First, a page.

This triggers thoughts. Imagine for another moment this gentler, fairer, and most positive scenario. What if Lacks had been able to choose to share? How might such an encounter have played out?

Perhaps, Lacks, whom friends called Henny, known as the neighbourhood mother, might have paused when Gey explained the importance of her cells growing in culture to think about other young mothers who might be saved if her cells helped cure cancer.

Or stop for a moment to consider the opposite outcome. What if Lacks had been consulted about gifting her biological legacy to the world and chose to have her cells destroyed. Today there are countless cell lines, but hers has the biggest legacy.

Lacks died before the structure of the double DNA helix was discovered. Still, by ceding her cells to the public, in time, by default she would have unknowingly become the most altruistic ‘genomic sharer’ in history.

Surely, it is only wishful thinking aching to heal a broken past to imagine such a positive exchange took place. Yet, perhaps imagining this hypothetical scenario will inspire individuals with the choice to willingly grant their genomes to consider doing so.

Certainly, we have to thank Lacks for being a pioneer in taking her health into her own hands. She was the kind of brave woman who would self-diagnose her own cancer and get herself to a hospital. After noticing inter-menstral bleeding, she found the tumour on her cervix herself. In her day, cancer was hushed up and only talked about in secret, if at all. She suffered great pain leading up to her early death, but the family talked of unbearable stomach aches.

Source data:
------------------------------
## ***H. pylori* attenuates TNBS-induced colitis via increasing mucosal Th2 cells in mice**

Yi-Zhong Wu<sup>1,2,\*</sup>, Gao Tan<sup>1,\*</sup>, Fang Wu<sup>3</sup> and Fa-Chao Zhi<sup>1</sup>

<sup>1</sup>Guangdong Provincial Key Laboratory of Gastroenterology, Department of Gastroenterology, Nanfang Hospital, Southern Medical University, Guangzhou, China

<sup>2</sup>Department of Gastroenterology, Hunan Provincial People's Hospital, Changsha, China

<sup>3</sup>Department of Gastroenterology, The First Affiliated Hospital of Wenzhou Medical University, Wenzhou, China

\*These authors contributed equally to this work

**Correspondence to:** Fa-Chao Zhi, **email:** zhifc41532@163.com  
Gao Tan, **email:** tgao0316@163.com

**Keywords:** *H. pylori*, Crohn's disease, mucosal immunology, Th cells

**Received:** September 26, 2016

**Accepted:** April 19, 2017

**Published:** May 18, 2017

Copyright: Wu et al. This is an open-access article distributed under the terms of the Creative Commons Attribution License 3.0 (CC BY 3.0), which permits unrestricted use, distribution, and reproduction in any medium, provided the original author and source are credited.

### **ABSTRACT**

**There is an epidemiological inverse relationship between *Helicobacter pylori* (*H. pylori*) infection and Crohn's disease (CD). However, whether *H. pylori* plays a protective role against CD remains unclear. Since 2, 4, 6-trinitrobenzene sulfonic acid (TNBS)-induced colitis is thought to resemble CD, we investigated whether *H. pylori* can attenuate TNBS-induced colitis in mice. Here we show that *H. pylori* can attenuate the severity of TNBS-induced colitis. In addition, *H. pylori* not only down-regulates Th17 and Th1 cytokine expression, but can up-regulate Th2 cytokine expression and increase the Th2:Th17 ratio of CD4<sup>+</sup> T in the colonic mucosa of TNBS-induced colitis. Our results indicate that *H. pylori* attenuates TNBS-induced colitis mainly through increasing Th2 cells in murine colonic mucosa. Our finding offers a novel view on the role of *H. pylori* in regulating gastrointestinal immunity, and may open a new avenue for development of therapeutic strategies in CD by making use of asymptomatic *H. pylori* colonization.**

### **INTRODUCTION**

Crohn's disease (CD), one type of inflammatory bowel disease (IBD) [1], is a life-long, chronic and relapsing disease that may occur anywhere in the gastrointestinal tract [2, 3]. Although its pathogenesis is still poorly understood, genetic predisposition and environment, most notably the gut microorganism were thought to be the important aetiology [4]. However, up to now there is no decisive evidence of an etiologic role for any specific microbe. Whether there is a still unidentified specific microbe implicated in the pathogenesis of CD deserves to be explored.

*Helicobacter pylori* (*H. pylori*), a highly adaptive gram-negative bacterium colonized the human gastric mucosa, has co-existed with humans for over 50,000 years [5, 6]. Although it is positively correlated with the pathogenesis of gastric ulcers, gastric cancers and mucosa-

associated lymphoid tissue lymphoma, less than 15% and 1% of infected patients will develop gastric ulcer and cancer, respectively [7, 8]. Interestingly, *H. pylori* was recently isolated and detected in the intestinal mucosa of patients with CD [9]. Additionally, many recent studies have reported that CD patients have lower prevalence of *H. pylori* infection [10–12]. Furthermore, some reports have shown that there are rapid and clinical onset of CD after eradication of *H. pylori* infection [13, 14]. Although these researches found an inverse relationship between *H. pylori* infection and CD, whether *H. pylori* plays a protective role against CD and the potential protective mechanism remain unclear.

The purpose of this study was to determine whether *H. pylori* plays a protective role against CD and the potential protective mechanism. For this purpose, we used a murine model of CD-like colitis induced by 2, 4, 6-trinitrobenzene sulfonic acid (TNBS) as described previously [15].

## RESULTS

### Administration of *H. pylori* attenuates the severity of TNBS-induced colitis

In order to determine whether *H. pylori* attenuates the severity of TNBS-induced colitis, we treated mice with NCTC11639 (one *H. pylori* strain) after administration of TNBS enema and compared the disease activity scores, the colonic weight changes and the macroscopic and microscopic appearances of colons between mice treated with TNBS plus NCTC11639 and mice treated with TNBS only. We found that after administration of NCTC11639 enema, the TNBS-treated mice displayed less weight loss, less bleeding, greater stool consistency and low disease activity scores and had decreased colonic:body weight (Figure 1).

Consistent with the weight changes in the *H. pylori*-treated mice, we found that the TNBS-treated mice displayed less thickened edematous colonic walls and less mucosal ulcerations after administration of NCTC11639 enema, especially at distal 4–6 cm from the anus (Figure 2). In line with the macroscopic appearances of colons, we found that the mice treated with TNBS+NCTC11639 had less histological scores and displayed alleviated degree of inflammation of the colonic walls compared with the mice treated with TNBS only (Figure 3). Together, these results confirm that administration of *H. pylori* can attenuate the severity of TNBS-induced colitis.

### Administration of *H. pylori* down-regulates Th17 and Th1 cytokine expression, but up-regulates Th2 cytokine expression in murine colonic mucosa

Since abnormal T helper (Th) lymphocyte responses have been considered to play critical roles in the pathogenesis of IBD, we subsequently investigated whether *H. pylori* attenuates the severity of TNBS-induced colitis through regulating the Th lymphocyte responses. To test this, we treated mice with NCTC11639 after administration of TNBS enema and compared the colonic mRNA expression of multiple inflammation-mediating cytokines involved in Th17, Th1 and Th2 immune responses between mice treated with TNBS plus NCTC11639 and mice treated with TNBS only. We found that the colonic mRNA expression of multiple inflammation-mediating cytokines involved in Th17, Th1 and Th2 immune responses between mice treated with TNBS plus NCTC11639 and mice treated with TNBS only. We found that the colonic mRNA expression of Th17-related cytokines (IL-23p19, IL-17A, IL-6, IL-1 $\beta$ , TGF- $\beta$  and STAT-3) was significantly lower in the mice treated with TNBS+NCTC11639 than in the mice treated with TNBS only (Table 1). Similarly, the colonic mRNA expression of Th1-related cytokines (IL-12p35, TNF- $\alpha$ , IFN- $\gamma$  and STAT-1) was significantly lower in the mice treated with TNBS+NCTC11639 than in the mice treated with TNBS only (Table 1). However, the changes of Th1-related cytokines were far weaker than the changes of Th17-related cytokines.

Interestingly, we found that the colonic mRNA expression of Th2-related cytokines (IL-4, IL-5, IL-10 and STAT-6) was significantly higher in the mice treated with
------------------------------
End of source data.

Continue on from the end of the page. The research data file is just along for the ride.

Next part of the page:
She received treatment at Johns Hopkins, which Skloot reports was the closest hospital that would treat her. Only 65 years ago, hospitals wouldn’t treat non-whites, and if they did, only in segregated wards. Instead of outrage, Henrietta felt grateful.

We owe her for her dignity, courage and persistence; its consequences changed our world.

Featured image credit: HeLa cells, metophase, prophase, by Doc. RNDr. Josef Reischig, CSc. CC-BY-SA-3.0 via Wikimedia Commons.